Yes, one reason people are so excited about CRISPR is that labs around the world in South America, Southeast Asia, and Africa are using this. CRISPR is a democratizing technology. CRISPR can be done literally by a high schooler with an internet connection. There are all kinds of software programs online where you can type in the gene or the sequence you’re interested in targeting and order the primers and the reagents you need to begin and do those experiments. However, as you say, this also potentially makes it easier for scientists to recreate smallpox or worse for nefarious purposes, though I’m not overly concerned about that risk.
As for editing permanent changes
into the human genome, this is something we need to discuss. In 2018, I was in
the front row in Hong Kong at a conference when a Chinese scientist named He
Jiankui made the shocking announcement that he had edited the DNA of two babies
born a few weeks earlier named Lulu and Nana.
This was so significant because he edited the DNA of human embryos, meaning those babies, if they have children, will pass on that edited gene. That was an ethical red line that 99.9 percent of the world’s scientists did not think should be crossed. We just don’t know yet enough about CRISPR — because the technology is still so young — to say it is 100 percent safe and accurate. I think we’ll get there soon, but we’re not there yet.
We’ve mostly been talking about fixing problems with gene therapy, but what about enhancement? It
seems highly unlikely that this is going to stop at therapy.
Trying to enhance individuals or
huge groups of individuals to enhance intelligence, at least based on our
current understanding of science and genetics, is just doomed to fail. There is
no on-off switch for intelligence — if you wanted to alter it, you would have
to potentially tweak the genes of hundreds or thousands of genes.
Many companies and many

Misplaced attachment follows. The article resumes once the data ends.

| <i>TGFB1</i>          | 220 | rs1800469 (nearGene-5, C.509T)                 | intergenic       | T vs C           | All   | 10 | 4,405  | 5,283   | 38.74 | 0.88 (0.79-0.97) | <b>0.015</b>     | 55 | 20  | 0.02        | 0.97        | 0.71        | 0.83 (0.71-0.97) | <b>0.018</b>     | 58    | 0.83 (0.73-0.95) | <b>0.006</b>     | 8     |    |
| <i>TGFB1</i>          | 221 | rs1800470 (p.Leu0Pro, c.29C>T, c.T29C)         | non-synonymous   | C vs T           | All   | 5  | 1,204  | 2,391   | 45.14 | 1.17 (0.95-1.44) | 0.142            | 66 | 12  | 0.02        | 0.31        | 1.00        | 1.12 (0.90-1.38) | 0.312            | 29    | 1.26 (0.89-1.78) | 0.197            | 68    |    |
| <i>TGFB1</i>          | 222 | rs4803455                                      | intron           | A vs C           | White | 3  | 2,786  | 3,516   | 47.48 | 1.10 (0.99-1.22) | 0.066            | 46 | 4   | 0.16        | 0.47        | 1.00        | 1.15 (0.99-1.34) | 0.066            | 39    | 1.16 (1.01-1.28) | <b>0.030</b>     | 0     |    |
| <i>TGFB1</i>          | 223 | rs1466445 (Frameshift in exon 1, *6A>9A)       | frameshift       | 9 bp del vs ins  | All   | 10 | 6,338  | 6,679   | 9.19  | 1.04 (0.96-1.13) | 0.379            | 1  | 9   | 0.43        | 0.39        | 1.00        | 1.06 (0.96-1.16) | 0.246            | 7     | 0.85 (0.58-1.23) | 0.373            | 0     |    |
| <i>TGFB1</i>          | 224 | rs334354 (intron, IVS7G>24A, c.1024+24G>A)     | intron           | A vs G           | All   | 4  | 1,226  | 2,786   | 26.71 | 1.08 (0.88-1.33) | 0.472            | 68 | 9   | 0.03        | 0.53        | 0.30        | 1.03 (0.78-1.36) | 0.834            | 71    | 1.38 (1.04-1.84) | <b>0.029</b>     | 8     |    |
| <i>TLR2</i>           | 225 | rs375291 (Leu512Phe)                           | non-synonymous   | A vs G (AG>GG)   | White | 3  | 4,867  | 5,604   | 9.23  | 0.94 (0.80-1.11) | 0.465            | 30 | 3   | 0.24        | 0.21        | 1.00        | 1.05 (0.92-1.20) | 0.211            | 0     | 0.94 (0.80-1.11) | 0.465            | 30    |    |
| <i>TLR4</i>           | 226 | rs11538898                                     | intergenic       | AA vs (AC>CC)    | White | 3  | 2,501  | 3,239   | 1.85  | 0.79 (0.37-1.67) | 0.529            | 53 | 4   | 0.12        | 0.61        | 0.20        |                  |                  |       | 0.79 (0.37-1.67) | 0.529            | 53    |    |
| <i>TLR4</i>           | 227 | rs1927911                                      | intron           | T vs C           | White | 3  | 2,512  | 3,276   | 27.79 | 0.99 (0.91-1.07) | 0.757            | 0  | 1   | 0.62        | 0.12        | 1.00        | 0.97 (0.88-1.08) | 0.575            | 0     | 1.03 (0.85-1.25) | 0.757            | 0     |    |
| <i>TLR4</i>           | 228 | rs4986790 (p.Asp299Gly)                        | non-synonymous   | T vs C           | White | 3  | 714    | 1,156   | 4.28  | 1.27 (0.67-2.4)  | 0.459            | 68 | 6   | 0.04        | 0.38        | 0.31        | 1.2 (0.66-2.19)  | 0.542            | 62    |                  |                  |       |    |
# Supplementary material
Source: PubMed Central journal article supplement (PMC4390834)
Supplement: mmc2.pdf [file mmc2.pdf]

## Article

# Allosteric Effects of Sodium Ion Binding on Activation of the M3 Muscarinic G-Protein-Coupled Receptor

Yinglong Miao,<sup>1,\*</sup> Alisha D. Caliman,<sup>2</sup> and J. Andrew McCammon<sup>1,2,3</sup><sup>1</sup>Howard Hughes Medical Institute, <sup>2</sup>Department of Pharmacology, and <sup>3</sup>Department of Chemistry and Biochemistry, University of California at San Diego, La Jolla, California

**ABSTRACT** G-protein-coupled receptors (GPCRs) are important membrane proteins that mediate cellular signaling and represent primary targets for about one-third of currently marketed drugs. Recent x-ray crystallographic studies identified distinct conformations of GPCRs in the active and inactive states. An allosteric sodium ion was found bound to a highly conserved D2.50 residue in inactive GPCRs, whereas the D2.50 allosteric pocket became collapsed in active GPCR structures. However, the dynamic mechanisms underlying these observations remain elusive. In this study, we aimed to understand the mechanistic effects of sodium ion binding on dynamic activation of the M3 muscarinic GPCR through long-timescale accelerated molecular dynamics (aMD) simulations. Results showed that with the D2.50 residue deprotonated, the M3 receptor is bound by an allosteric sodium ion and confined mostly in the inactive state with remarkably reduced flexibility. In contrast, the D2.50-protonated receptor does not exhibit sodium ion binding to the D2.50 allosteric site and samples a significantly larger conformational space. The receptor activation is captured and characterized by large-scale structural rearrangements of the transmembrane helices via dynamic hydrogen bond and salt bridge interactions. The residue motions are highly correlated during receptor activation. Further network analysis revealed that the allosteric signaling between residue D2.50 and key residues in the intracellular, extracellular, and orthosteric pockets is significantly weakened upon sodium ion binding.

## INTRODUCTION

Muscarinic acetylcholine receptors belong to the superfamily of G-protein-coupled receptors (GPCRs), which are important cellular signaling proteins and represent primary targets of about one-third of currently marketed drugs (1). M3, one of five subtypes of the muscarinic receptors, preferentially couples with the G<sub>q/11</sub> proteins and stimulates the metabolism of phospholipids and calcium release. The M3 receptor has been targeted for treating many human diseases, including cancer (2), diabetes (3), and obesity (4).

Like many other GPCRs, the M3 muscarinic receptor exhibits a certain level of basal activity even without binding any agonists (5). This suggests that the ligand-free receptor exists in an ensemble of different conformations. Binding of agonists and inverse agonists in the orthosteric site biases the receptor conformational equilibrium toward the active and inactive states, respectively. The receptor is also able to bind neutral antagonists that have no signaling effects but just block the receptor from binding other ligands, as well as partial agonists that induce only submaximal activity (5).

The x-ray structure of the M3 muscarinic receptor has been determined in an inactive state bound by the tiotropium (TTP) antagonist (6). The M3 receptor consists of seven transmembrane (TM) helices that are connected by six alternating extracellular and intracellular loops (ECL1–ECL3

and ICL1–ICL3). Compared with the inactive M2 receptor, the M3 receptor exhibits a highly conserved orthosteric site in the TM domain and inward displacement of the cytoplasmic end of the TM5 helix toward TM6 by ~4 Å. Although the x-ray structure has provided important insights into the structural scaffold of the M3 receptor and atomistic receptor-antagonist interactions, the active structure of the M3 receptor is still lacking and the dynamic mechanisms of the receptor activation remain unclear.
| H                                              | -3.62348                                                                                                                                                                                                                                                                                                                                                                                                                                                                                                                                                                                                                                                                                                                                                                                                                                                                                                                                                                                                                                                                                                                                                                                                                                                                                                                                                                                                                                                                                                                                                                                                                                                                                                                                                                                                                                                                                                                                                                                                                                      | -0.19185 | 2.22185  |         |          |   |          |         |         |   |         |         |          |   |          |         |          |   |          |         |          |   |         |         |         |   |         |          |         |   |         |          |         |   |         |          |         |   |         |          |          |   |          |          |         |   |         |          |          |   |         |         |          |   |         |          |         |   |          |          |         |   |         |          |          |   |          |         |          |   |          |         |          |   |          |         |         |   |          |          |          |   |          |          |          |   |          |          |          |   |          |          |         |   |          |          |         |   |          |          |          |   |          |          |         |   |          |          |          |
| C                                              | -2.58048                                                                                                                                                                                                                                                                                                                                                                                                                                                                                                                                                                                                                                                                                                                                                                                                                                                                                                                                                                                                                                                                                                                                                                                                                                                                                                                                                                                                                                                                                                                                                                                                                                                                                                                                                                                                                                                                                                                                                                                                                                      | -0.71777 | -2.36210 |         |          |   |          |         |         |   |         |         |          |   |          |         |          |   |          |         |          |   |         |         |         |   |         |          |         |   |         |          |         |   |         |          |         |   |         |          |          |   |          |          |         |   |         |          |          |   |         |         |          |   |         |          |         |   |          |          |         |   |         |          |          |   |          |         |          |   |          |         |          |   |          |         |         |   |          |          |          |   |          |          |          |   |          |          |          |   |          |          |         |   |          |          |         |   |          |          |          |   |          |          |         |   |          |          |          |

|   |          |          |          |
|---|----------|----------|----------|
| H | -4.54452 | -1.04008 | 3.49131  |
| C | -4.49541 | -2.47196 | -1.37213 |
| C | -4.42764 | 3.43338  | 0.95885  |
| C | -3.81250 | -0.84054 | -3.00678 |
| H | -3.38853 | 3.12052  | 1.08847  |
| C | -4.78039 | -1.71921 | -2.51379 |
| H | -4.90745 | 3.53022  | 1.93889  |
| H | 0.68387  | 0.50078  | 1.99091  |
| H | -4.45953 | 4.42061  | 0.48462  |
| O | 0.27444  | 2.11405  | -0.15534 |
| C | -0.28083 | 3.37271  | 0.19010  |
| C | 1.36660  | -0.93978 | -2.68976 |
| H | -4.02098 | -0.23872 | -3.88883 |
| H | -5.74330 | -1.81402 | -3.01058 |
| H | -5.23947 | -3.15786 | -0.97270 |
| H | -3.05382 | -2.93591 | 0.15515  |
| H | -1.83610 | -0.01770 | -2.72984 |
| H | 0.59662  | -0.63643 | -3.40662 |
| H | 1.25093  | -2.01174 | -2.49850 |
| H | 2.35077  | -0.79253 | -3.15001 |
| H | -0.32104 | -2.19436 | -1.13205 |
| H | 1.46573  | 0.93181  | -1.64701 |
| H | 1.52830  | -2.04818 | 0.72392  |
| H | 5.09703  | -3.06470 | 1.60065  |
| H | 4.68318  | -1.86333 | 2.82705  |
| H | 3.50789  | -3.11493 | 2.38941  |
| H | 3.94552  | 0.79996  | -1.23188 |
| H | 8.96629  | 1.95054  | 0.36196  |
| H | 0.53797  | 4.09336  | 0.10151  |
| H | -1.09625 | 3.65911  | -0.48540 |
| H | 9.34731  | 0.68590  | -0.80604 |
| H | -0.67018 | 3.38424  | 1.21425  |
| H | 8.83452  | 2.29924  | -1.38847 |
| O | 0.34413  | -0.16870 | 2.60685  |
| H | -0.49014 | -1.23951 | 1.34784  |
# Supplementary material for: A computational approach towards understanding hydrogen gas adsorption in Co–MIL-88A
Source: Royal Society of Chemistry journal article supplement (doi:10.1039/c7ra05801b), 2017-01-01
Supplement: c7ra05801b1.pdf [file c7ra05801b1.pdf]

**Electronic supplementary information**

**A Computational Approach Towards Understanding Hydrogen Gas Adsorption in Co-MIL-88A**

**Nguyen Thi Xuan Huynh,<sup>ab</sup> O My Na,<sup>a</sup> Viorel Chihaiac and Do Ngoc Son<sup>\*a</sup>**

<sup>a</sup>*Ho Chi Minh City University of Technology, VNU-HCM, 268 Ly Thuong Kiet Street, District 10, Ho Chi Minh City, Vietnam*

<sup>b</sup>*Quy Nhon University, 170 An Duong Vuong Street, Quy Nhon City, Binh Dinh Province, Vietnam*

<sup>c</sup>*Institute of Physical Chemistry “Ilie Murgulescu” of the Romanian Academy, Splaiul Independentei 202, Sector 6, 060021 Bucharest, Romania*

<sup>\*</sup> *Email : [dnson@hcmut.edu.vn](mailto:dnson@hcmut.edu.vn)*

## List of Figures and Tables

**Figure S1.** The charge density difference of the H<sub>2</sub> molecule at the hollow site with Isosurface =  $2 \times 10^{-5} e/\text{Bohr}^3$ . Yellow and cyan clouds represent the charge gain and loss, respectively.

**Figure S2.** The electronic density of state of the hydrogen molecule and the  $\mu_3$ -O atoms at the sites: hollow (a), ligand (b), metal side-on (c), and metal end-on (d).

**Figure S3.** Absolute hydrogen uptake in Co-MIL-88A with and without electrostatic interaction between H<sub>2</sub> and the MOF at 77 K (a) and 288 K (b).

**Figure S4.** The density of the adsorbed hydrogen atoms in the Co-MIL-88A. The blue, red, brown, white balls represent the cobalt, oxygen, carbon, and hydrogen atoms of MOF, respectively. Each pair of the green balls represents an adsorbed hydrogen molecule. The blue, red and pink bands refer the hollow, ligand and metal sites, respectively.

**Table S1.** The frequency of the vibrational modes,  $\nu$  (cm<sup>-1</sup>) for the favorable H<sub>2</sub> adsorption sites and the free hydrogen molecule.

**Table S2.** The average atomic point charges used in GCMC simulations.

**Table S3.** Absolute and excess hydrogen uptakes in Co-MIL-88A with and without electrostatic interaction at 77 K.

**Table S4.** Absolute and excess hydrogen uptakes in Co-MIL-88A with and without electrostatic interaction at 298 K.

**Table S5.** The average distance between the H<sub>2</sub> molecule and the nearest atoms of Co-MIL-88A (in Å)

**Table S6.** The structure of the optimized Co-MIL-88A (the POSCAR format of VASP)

philanthropists are very interested in understanding and exploring the genetics
of extended lifespan. I’m not aware of any magic gene that would
allow this. That said, if you want to extend lifespan, one thing you want to do
is to remove the risks of falling off the wagon and succumbing to Alzheimer’s
disease or heart disease or cancer. So if CRISPR provides us ways to
tackle genetic diseases, certain types of cancer, and things like Alzheimer’s
disease, then genome editing will help us extend the lifespan.
degree is CRISPR a result of funding for basic science research?
is a point I bring out in the early stages of the book. This
technology arose from a handful of obscure microbiologists in far places
studying some of the most obscure questions you could possibly imagine. Studying
bacterial immunity to viruses? Most people would scratch their heads and say,
“Please, I don’t care about that.” But that was the origin of the basic
fundamental biology behind CRISPR: Investigator-driven research funded by
organizations like NIH led to this spectacular breakthrough.
We did this 30 years ago with the birth of the biotech industry. We took another family of enzymes in bacteria and said, “These have fantastic properties for manipulating DNA. We can use them to give rise to recombinant DNA.” And that was the birth of genetic engineering. So we have to continue to impress upon governments worldwide to fund basic research. Applied research is great. Big biology projects like The Human Genome Project are great. Still, there’s no substitute for smart, driven investigators following their heart, because you cannot predict the discoveries that they will make.